“Our Commander-in-Chief has commended us for a job ‘Well Done’ that we did during the dark this morning. You did good, and I am proud to stand in your company. But, it’s not over, ‘til it’s over. We now have to refuel/rearm our band of brothers out here. That’s our day-job. So, let’s not waste any more daylight. ROMEO is at the dip to starboard– turn-to!”


DD-963 SPRUANCE to port, DDG-51 BURKE to starboard and FFG-7 PERRY Class in waiting station, with USS DETROIT (AOE-4) providing fuel and stores

Liquid Energy– Distillate Fuel, Marine. Later that afternoon, I spoke with Rear Admiral Mauz while replenishing AMERICA alongside. We discussed DETROIT’s fuel status after topping off the BG’s warships. For the next three or more days, warships of both BG’s would maintain a defense-posture in the Gulf of Sidra, and stand ready to repulse any Libyan counter-attack. There were White House-directed contingencies in the event of that happening.

He too had seen the message passed to us by the US Department of State to inform us that the countries along the Mediterranean littoral perfunctorily, as expected, had revoked all their diplomatic clearances for port-visits by US warships because of the “ongoing hostilities.”

We discussed alternatives between here and there, whereas “there,” meant six days out and back to and from our naval facilities at Rota on the Atlantic littoral of southwestern Spain. And, in steaming from here to there, both of us knew that anything could happen, be it good or bad. Possibly, we could take-on fuel at the port of Cagliari on Sardinia’s southernmost tip, and thus cut the turnaround time in half. But, perhaps we could get into Sicily. The AGIP refinery at Augustà Bay on Sicily’s eastern coast was closer, like only a half-day’s steaming away. In any case, I was to do what I could [had to] do. DETROIT therefore steamed northward toward Sicily at 31+ knots—after all, DETROIT was a Fast Combat Support Ship, literally built on top of a battleship-propulsion plant.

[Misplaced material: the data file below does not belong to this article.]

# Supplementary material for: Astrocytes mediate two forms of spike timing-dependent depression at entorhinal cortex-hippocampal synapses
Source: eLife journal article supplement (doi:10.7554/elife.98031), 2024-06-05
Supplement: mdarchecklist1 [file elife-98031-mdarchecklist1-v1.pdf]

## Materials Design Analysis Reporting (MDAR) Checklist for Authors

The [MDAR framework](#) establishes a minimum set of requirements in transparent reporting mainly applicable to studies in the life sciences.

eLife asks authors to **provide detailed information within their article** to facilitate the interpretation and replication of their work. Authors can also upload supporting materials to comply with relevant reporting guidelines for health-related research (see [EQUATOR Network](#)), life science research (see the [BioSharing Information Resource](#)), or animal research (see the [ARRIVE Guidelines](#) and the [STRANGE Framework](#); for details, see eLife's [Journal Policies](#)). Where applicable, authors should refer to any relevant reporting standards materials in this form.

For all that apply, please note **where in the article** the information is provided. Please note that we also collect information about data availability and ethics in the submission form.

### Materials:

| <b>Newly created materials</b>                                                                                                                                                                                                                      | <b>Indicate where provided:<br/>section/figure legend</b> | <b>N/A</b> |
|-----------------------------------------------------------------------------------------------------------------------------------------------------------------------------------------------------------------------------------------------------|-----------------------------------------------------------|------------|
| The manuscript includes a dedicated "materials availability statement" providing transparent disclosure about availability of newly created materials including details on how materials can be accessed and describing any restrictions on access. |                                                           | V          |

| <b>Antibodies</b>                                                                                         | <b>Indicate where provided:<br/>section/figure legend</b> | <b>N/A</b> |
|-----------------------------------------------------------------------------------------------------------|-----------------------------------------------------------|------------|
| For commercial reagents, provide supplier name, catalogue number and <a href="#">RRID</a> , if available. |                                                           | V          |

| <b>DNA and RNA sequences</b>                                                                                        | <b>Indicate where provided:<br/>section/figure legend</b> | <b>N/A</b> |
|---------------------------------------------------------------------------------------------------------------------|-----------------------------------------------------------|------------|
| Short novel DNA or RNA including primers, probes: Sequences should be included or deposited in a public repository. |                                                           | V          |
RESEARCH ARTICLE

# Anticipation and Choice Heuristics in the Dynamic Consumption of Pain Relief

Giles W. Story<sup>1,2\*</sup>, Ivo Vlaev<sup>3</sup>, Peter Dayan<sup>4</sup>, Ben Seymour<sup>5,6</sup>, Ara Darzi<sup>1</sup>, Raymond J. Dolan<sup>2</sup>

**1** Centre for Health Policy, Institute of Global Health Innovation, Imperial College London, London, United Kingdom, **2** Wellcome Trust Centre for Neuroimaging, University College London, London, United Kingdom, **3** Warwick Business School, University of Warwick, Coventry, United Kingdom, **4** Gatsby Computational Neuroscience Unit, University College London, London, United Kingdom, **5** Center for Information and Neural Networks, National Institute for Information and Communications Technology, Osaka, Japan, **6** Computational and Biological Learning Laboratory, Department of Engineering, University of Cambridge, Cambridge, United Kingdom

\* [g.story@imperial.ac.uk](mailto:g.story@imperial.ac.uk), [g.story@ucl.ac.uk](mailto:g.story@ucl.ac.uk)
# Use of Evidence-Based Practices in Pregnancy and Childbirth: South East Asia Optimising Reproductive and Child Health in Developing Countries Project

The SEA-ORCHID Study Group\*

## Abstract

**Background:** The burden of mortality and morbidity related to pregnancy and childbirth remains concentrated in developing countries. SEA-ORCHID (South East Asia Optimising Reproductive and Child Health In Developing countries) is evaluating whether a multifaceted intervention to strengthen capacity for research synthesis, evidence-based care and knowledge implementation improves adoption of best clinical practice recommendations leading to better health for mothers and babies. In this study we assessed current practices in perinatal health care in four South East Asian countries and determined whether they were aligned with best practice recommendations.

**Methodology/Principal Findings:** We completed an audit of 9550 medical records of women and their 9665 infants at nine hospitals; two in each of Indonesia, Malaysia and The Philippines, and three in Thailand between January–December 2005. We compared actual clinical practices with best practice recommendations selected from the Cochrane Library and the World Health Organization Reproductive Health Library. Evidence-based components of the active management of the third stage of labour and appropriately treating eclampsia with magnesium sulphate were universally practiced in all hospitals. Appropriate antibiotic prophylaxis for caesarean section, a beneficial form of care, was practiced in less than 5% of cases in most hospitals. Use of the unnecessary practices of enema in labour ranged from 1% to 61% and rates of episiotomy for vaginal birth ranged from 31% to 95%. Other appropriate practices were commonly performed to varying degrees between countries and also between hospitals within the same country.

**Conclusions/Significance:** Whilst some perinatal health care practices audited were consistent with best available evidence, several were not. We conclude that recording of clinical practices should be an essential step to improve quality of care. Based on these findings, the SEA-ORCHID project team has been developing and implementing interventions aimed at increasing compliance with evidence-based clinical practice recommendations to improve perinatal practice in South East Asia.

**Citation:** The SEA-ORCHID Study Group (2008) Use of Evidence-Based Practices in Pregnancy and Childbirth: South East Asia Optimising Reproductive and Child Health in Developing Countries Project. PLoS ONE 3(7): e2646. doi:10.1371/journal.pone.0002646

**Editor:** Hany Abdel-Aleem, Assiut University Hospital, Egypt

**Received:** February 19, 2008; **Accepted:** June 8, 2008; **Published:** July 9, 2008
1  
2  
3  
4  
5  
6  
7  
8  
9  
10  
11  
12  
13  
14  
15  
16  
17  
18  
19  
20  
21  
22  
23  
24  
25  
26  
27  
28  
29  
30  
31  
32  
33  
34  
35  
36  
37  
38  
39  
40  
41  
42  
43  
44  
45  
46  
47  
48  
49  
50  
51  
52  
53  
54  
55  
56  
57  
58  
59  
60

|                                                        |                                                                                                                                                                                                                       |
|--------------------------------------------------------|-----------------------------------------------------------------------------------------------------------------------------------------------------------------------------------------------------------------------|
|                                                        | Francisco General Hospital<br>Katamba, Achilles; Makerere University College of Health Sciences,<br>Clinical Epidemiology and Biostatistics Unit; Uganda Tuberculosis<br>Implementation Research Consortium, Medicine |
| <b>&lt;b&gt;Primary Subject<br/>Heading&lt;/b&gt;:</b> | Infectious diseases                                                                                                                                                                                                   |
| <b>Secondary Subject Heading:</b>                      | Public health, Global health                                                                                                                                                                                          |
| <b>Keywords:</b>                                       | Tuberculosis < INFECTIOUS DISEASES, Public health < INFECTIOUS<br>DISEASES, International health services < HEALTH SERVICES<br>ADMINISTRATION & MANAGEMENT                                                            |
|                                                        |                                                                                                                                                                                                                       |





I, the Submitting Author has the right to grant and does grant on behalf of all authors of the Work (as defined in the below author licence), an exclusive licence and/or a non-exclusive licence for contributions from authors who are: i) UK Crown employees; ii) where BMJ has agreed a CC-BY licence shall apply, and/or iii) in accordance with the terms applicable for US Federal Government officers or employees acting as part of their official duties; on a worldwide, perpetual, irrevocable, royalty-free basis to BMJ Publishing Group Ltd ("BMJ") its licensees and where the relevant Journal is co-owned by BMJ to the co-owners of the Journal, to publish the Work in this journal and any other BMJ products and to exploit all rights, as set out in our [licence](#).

As I reviewed the day’s intelligence reports, I noted that the Libyan government was reporting thirty-seven Libyans killed and ninety-three injured by the US air strikes in Tripoli and Benghazi. US intelligence sources also reported that Qaddafi survived the US air strike in his underground bunker, apparently rattled, but unharmed. His fifteen-month old adopted daughter, however, had been killed, and his wife and two youngest sons, ages three and four, had been seriously injured.

Apparently, Qaddafi’s family had been asleep in their beds on the ground floor of the residence when the compound was attacked. I solemnly rationalized that a distinct moral distinction can be made between “collateral damage” accidentally resulting in the deaths of Libyan civilians and the deliberate murdering of civilians by acts of terrorism.


Lampadusa Island Map

Then, as I read on, apparently Qaddafi had had his army launch two Soviet-built SS-1 SCUD-B ballistic missiles at the US Coast Guard’s Long-Range Navigation– LORAN– station on < ahref="http://en.wikipedia.org/wiki/Lampedusa_Island">ISOLA DI LAMPEDUSA. LAMPEDUSA is an island in the central Mediterranean about 170 nm [nautical miles] north-northwest of Tripoli, and about 140 nm south of the western tip of Sicily.

The Libyan SCUD’s though had fallen short detonating harmlessly in the rocks offshore. Nevertheless, the resulting explosions caused two large columns of water to plume brusquely into the air, and the percussion wave shook the homes of some six thousand Lampedusan residents living there. I presumed that such action was more than likely in desperation to do something—anything– to retaliate against the US.

When I finished reading the reports, I simply shook my head thinking that such a “counter-attack” was ridiculous at best—and, at worst was stupid. I scuffed it off—re-fuel was on my mind.

During the early morning darkness of 16 April 1986, I slowed DETROIT’s speed-of-advance just before reaching the turn onto the approaches for the breakwater at the industrial oil-port city of Augustà, Sicily. My intent was to enter port and top-off with jet-propulsion fuel and distillate-fuel marine, about two million gallons– each.